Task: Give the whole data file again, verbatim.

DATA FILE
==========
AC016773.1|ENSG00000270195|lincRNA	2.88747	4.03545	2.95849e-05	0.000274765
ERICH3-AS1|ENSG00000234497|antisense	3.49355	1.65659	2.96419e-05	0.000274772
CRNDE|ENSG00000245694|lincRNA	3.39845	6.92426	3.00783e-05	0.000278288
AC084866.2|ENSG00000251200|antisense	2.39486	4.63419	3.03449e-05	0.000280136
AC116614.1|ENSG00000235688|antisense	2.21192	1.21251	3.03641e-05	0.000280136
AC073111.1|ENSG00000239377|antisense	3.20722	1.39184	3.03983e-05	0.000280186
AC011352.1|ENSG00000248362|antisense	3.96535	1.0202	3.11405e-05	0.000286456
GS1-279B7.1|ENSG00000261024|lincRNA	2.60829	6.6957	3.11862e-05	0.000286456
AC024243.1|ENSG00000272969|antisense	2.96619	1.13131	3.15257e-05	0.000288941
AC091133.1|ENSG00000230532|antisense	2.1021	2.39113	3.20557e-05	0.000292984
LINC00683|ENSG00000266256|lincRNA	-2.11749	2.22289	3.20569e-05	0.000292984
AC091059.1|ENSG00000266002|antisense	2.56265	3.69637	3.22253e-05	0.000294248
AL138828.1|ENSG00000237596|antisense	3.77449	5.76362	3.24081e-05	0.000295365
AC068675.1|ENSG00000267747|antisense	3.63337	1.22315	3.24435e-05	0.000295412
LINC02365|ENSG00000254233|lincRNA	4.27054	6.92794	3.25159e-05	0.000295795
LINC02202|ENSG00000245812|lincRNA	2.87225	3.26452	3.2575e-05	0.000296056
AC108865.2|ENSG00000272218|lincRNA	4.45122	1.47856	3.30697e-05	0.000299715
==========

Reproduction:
AC016773.1|ENSG00000270195|lincRNA	2.88747	4.03545	2.95849e-05	0.000274765
ERICH3-AS1|ENSG00000234497|antisense	3.49355	1.65659	2.96419e-05	0.000274772
CRNDE|ENSG00000245694|lincRNA	3.39845	6.92426	3.00783e-05	0.000278288
AC084866.2|ENSG00000251200|antisense	2.39486	4.63419	3.03449e-05	0.000280136
AC116614.1|ENSG00000235688|antisense	2.21192	1.21251	3.03641e-05	0.000280136
AC073111.1|ENSG00000239377|antisense	3.20722	1.39184	3.03983e-05	0.000280186
AC011352.1|ENSG00000248362|antisense	3.96535	1.0202	3.11405e-05	0.000286456
GS1-279B7.1|ENSG00000261024|lincRNA	2.60829	6.6957	3.11862e-05	0.000286456
AC024243.1|ENSG00000272969|antisense	2.96619	1.13131	3.15257e-05	0.000288941
AC091133.1|ENSG00000230532|antisense	2.1021	2.39113	3.20557e-05	0.000292984
LINC00683|ENSG00000266256|lincRNA	-2.11749	2.22289	3.20569e-05	0.000292984
AC091059.1|ENSG00000266002|antisense	2.56265	3.69637	3.22253e-05	0.000294248
AL138828.1|ENSG00000237596|antisense	3.77449	5.76362	3.24081e-05	0.000295365
AC068675.1|ENSG00000267747|antisense	3.63337	1.22315	3.24435e-05	0.000295412
LINC02365|ENSG00000254233|lincRNA	4.27054	6.92794	3.25159e-05	0.000295795
LINC02202|ENSG00000245812|lincRNA	2.87225	3.26452	3.2575e-05	0.000296056
AC108865.2|ENSG00000272218|lincRNA	4.45122	1.47856	3.30697e-05	0.000299715